Six months into Russia’s invasion of Ukraine, and it’s still struggling to gain ground. Now, it looks like President Vladimir Putin’s army is massing forces to try a new strategy. Will it be enough to overcome the smaller country’s determined resistance, or could the Kremlin strongman be heading for disaster?
Last weekend, Vadim Skibitsky, deputy head of Ukrainian military intelligence, said Russia is concentrating forces in the country’s south. That marks a shift from recent fighting, which focused troops on the Luhansk region in northeast Ukraine. The Kremlin declared victory in Luhansk in early July and now seems intent on capturing more land in the south.
That would allow Putin to achieve one of his main goals: carving out a land corridor linking the Crimea region to Russia itself. The first weeks of the invasion showed the strongman’s disorganized army didn’t have the power to fight everywhere at once, so now it’s trying to swallow Ukraine one bite at a time.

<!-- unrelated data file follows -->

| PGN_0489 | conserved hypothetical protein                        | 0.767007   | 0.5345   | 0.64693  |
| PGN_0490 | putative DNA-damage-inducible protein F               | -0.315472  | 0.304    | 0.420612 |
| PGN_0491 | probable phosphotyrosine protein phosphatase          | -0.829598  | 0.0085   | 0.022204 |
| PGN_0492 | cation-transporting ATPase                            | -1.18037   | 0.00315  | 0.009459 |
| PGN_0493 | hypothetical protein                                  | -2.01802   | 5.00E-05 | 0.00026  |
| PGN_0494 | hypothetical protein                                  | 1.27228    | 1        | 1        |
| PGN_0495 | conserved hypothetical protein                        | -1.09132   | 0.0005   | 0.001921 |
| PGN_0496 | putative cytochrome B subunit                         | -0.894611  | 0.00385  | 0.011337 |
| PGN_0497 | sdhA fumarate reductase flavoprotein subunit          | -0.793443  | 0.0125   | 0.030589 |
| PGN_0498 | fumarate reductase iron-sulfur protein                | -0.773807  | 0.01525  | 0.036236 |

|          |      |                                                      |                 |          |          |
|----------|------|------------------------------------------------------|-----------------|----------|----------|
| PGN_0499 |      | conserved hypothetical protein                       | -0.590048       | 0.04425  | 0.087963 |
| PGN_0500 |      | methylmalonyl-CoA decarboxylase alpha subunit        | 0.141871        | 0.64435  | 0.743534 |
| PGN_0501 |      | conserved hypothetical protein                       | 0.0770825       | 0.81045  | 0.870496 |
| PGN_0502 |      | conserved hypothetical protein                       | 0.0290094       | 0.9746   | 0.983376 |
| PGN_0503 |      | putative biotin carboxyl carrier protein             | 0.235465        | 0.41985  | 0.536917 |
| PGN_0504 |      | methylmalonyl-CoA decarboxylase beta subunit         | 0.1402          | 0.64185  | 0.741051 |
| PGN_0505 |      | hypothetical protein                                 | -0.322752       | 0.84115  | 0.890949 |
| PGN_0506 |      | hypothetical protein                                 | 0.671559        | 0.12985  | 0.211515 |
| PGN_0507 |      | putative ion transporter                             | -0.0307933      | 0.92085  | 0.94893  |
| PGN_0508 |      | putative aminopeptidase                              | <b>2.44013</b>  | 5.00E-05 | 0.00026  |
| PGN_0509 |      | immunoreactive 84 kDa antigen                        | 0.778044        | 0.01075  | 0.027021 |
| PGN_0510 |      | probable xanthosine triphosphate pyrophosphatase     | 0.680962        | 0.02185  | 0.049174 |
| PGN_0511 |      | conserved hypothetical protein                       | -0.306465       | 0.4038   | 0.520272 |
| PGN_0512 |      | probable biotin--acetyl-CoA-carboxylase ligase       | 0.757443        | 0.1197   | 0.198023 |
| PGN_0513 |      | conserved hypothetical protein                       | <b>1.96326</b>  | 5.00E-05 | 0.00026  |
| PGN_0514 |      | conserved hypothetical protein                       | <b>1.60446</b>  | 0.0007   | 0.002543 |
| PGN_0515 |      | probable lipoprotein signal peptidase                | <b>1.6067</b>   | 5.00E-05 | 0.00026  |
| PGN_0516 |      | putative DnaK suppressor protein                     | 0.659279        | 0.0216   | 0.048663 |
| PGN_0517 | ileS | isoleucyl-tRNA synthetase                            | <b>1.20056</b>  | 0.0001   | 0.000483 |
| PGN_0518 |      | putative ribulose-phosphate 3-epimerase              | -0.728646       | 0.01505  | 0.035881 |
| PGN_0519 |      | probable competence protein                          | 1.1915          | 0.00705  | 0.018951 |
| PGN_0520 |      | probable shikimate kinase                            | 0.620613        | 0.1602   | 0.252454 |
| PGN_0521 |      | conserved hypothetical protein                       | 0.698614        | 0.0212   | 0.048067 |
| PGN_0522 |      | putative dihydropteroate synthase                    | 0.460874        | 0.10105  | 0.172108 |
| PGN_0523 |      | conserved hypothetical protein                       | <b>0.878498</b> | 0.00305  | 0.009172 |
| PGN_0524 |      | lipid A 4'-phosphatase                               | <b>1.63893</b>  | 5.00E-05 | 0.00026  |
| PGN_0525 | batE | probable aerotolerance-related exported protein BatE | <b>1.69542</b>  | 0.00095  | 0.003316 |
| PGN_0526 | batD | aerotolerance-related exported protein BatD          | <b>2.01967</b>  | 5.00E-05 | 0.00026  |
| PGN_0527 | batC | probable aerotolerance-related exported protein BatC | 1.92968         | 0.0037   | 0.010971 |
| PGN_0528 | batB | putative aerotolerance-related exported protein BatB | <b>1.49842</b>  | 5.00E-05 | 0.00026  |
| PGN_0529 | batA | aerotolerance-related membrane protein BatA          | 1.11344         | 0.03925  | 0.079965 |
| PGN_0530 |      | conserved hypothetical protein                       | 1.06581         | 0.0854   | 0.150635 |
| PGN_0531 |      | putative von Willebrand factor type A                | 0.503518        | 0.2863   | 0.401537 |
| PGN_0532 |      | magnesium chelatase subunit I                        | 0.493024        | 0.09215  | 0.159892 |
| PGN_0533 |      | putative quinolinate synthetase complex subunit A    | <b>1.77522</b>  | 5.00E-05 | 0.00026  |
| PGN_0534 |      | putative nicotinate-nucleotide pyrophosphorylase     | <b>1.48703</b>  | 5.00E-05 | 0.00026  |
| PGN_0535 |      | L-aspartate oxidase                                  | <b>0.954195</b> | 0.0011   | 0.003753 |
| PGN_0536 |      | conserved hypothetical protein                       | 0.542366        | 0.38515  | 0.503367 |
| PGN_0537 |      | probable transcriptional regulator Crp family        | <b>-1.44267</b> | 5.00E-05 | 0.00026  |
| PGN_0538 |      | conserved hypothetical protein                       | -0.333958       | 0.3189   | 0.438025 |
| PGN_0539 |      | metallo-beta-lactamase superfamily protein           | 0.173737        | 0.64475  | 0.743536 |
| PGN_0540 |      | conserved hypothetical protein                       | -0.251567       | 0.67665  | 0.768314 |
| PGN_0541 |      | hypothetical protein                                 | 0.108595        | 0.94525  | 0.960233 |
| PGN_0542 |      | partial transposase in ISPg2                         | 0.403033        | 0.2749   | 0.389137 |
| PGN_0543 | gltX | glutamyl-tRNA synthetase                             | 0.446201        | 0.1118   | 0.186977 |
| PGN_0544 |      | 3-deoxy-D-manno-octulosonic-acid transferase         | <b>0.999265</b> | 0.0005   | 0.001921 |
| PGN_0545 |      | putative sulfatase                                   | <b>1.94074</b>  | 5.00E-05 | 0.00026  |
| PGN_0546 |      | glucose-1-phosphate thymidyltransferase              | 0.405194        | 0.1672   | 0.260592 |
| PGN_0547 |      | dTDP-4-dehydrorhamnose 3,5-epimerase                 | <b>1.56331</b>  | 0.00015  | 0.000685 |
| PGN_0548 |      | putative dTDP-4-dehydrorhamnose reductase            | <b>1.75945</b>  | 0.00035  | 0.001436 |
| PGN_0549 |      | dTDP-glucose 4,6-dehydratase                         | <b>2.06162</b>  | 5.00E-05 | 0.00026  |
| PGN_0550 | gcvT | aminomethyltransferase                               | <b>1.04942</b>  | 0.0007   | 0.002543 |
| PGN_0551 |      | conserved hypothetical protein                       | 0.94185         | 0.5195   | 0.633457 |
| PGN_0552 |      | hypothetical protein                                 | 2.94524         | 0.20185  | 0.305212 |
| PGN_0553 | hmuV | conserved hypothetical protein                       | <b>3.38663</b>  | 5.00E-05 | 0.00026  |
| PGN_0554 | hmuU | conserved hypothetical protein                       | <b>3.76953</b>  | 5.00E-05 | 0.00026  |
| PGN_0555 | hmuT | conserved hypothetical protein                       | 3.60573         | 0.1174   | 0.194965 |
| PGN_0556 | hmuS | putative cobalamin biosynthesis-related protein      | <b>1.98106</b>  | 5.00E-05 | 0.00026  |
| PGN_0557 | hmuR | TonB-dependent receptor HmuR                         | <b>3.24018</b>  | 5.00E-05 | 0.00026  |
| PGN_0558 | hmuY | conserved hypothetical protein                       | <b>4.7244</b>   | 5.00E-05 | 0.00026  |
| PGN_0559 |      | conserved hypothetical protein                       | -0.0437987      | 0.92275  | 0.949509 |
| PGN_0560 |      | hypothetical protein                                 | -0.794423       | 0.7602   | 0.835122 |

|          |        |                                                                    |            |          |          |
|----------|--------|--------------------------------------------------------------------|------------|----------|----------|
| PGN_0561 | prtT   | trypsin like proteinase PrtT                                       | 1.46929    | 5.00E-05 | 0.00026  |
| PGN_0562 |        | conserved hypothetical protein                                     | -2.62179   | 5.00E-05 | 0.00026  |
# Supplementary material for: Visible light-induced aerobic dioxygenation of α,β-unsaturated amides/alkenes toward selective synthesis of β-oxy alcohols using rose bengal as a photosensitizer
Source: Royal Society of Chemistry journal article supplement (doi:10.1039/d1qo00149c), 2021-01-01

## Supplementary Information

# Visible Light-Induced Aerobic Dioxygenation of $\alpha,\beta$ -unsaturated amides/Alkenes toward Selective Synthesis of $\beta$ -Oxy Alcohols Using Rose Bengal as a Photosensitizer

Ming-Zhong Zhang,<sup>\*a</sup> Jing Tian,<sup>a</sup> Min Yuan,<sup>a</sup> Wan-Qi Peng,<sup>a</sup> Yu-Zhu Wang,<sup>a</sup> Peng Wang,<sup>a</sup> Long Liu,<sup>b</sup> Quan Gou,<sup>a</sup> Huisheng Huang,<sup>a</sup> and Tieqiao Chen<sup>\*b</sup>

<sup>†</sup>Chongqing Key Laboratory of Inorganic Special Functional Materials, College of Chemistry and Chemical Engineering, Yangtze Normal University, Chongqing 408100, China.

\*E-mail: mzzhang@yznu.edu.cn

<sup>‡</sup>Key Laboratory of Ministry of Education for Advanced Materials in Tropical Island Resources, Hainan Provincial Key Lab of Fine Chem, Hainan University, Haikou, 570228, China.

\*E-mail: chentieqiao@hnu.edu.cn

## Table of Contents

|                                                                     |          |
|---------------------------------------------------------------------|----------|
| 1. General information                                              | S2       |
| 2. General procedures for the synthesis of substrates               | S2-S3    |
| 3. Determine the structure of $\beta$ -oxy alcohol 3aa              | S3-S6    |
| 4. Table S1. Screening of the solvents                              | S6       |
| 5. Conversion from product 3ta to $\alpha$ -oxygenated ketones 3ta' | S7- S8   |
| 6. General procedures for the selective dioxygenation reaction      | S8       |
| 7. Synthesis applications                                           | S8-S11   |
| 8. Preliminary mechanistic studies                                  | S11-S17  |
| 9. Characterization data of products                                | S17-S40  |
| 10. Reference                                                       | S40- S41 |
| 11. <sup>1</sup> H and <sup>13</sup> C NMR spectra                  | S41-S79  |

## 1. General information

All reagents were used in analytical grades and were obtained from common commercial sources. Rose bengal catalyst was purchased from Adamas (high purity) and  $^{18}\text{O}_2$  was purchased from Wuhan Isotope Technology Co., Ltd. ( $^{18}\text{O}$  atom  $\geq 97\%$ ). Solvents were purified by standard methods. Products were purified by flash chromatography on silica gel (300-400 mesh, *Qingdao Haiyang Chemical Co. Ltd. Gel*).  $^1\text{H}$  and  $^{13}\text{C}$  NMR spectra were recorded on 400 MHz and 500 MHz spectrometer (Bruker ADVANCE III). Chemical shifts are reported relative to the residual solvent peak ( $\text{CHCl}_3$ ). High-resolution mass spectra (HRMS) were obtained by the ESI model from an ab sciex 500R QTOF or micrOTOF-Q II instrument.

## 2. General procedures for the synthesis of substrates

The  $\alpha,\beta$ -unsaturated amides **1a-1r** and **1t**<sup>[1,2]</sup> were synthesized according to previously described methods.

Defense experts have doubts about whether the plan can succeed, though. Ukraine is currently counterattacking towards the southern city of Kherson, which Kremlin-based troops captured in the first days of the war, and a spokesman says Kyiv-based forces expect to retake the city by September.
Russian losses have been much heavier than expected, with up to 75,000 troops now dead, and there’s a real risk for the Kremlin in concentrating its remaining forces. If Ukraine can defeat a new attack in the south, will Russia have enough soldiers left to keep fighting?